The purpose of this evaluation tool is to help both amateur and professional observers, including current or would-be members, of various organizations (including religious, occult, psychological or political groups) to determine just how dangerous a given group is liable to be, in comparison with other groups, to the physical and mental health of its members and of other people subject to its influence. It cannot speak to the “spiritual dangers,” if any, that might be involved, for the simple reason that one person’s path to enlightenment or “salvation” is often viewed by another as a path to ignorance or “damnation.”

As a general rule, the higher the numerical total scored by a given group (the further to the right of the scale), the more dangerous it is likely to be. Though it is obvious that many of the scales in the frame are subjective, it is still possible to make practical judgments using it, at least of the “is this group more dangerous than that one?” sort. This is if all numerical assignments are based on accurate and unbiased observation of actual behavior by the groups and their top levels of leadership (as distinct from official pronouncements). This means that you need to pay attention to what the secondary and tertiary leaders are saying and doing, as much (or more so) than the central leadership — after all, “plausible deniability” is not a recent historical invention.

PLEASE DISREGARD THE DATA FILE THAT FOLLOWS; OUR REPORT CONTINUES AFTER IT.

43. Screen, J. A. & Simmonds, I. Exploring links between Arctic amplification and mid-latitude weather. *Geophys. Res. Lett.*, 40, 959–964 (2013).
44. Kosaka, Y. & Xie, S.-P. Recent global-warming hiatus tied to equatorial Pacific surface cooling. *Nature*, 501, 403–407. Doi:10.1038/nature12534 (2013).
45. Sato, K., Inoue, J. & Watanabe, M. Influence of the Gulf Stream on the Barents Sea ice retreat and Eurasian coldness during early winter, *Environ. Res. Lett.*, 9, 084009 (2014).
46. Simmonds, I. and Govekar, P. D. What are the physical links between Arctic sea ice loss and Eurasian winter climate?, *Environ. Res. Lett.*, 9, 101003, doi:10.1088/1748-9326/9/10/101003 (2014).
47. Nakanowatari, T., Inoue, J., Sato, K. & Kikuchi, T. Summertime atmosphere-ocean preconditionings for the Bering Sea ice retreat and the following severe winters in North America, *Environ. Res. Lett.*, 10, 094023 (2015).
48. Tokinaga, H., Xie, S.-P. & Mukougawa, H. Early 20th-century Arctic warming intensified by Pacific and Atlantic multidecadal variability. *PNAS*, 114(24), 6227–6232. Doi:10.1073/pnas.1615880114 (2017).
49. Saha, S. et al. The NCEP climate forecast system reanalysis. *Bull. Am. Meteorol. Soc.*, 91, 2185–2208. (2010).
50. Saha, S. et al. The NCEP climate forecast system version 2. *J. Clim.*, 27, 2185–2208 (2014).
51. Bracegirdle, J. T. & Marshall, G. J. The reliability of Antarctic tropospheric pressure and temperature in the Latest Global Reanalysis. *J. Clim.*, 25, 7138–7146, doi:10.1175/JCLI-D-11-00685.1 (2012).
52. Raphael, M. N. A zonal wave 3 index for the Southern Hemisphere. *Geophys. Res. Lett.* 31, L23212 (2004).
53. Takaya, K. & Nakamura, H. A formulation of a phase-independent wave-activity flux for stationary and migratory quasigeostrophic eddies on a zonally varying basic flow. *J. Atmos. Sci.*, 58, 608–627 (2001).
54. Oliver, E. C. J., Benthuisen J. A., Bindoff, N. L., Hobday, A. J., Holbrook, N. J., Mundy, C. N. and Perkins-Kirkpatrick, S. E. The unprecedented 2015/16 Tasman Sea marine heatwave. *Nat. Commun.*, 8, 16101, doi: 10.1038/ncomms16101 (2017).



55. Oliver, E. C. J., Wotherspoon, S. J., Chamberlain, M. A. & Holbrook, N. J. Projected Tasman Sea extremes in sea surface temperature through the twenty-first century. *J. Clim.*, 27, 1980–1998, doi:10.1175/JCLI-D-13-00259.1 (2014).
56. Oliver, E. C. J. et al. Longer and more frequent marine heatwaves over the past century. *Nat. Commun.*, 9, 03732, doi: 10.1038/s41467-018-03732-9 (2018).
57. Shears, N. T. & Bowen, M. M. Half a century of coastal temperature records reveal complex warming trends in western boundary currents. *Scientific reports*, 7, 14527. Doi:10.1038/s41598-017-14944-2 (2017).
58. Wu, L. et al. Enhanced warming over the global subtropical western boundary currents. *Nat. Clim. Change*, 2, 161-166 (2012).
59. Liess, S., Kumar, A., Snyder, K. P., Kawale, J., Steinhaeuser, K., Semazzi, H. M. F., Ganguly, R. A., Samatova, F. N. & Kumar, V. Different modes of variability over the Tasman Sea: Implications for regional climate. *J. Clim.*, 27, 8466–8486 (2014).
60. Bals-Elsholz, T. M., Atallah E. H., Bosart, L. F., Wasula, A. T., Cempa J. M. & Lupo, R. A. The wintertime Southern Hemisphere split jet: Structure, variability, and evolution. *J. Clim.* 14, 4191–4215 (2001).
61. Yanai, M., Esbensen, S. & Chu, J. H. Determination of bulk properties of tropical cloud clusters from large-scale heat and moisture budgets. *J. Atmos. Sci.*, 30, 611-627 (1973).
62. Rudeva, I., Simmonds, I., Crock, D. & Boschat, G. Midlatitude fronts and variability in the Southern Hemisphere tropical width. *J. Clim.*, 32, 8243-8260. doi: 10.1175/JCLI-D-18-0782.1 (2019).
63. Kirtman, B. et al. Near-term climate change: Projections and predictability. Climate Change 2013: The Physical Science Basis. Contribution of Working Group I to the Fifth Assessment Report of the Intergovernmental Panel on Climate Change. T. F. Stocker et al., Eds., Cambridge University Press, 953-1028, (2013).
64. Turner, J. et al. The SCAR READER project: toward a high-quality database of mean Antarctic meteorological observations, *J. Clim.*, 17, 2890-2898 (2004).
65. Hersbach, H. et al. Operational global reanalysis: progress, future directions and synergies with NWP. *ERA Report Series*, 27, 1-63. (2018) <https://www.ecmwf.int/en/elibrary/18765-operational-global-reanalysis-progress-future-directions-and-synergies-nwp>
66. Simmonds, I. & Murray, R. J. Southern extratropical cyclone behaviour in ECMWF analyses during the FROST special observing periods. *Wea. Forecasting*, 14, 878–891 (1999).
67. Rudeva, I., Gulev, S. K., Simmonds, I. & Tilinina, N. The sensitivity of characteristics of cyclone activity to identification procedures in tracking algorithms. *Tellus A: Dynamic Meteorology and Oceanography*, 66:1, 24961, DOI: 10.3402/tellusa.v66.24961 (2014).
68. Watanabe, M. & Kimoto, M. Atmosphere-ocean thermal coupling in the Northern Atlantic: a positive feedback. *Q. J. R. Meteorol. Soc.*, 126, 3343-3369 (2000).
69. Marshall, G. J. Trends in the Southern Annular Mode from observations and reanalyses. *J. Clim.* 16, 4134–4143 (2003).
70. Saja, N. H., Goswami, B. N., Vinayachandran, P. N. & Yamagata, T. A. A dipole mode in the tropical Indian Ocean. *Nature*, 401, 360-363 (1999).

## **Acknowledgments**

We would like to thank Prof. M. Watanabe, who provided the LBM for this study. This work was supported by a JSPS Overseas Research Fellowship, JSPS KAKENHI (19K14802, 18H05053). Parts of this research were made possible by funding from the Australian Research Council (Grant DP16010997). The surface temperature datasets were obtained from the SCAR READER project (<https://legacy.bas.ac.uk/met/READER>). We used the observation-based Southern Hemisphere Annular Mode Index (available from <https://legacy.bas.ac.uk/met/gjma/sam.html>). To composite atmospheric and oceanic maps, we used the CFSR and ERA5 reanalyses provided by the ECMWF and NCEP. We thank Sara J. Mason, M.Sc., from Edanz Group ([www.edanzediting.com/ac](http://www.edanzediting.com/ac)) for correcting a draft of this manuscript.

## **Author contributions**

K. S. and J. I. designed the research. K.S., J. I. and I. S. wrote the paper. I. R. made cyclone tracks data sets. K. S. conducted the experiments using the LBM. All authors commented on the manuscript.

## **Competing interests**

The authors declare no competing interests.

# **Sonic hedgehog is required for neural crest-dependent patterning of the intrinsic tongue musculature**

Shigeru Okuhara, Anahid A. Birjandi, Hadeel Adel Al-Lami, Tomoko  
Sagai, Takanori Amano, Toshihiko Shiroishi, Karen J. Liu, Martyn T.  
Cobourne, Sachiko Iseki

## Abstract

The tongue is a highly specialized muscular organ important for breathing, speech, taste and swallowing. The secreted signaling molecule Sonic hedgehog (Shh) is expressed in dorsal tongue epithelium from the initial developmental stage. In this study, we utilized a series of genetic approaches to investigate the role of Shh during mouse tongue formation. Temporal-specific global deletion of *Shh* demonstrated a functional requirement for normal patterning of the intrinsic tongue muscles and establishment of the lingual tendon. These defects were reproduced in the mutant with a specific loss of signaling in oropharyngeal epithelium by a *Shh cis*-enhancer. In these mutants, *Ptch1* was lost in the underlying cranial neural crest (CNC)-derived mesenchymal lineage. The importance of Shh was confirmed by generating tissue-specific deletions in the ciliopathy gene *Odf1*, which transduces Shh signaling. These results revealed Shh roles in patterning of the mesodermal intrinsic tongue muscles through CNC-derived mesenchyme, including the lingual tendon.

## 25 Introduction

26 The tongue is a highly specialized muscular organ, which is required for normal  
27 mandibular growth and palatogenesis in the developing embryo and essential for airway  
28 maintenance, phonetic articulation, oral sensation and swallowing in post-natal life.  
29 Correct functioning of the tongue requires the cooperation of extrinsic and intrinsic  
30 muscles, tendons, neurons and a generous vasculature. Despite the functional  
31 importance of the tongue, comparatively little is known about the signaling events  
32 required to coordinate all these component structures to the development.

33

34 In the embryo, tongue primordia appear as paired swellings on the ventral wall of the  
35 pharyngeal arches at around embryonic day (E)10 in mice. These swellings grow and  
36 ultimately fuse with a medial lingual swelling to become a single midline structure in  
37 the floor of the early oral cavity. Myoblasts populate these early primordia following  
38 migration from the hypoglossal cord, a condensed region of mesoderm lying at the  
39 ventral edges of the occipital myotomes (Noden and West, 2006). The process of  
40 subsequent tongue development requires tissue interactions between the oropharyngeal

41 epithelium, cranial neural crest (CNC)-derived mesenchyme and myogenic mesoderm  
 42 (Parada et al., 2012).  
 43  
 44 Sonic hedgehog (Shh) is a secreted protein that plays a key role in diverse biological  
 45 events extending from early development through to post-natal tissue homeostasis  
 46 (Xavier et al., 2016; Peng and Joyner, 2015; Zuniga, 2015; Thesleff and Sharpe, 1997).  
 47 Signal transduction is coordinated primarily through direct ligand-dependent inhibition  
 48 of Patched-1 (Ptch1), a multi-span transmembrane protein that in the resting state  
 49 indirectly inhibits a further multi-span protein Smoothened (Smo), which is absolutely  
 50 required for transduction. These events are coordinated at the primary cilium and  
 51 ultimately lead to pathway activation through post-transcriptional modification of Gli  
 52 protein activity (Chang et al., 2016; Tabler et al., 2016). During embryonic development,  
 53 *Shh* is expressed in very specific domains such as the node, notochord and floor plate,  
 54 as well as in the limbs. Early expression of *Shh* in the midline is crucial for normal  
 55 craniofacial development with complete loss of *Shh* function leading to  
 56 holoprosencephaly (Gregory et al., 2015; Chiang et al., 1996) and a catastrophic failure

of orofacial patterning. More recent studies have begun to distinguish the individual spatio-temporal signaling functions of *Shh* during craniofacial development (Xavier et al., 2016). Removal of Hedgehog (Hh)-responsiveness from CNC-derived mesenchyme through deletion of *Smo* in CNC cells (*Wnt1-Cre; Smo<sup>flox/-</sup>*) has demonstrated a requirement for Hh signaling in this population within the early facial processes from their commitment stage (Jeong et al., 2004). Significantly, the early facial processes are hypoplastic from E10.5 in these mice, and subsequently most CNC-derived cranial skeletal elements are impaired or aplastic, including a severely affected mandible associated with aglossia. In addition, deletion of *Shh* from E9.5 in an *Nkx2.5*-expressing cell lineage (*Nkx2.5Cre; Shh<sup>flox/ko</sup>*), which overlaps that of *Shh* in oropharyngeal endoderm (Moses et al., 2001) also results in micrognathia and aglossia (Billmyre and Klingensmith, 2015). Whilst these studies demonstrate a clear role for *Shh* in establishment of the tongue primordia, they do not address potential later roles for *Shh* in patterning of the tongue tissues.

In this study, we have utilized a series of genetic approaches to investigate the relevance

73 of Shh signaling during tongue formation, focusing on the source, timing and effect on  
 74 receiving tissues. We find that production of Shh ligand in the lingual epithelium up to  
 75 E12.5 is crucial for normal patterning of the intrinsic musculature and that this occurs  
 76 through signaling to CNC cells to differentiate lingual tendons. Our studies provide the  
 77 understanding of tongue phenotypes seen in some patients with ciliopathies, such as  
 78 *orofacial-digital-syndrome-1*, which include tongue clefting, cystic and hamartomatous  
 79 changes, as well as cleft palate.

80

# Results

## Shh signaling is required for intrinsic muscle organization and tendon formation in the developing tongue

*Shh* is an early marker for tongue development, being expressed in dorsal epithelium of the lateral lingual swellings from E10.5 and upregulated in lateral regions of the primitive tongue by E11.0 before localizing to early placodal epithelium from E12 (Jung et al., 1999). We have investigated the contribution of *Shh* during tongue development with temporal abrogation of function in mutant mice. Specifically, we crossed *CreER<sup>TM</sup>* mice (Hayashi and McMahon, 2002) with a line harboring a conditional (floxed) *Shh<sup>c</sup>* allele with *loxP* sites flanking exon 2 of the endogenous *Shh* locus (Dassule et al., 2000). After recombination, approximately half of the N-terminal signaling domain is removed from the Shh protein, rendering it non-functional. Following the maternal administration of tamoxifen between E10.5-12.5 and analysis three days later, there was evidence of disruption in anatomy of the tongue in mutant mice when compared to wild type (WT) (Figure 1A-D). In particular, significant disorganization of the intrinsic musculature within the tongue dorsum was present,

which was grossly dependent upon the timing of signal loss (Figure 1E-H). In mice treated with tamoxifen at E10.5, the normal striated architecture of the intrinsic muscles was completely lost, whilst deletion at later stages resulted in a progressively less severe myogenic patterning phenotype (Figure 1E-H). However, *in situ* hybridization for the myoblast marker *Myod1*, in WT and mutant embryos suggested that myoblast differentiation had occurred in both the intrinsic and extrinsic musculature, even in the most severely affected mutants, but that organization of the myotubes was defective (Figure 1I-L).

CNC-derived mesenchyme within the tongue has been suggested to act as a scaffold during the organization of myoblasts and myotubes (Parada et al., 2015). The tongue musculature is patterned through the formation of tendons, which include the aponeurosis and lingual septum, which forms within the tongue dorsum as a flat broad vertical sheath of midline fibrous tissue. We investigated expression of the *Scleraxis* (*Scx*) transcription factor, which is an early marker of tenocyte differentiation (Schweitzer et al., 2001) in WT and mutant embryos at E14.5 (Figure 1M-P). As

This tool can be used by parents, reporters, law enforcement agents, social scientists and others interested in evaluating the actual dangers presented by a given group or movement. Obviously, different observers will achieve differing degrees of precision, depending upon the sophistication of their numerical assignments on each scale. However, if the same observers use the same methods of scoring and weighting each scale, their comparisons of relative danger or harmlessness between groups will be reasonably valid, at least for their own purposes. People who cannot, on the other hand, view competing belief systems as ever having possible spiritual value to anyone, will find the ABCDEF annoyingly useless for promoting their theological agendas. Worse, these members of the Religious Reich and their fellow theocrats will find that their own organizations (and quite a few large mainstream churches) are far more “cult-like” than many of the minority belief systems they so bitterly oppose.

It should be pointed out that the ABCDEF is founded upon both modern psychological theories about mental health and personal growth, and my many years of participant observation and historical research into minority belief systems. Those who believe that relativism and anarchy are as dangerous to mental health as absolutism and authoritarianism, could (I suppose) count groups with total scores nearing either extreme (high or low) as being equally hazardous. As far as dangers to physical well-being are concerned, however, both historical records and current events clearly indicate the direction in which the greatest threats lie. This is especially so since the low-scoring groups usually seem to have survival and growth rates so small that they seldom develop the abilities to commit large scale atrocities even had they the philosophical or political inclinations to do so.

The Advanced Bonewits’ Cult Danger Evaluation Frame
(version 2.6)

1  2  3  4  5  6  7  8  9  10

Low                      High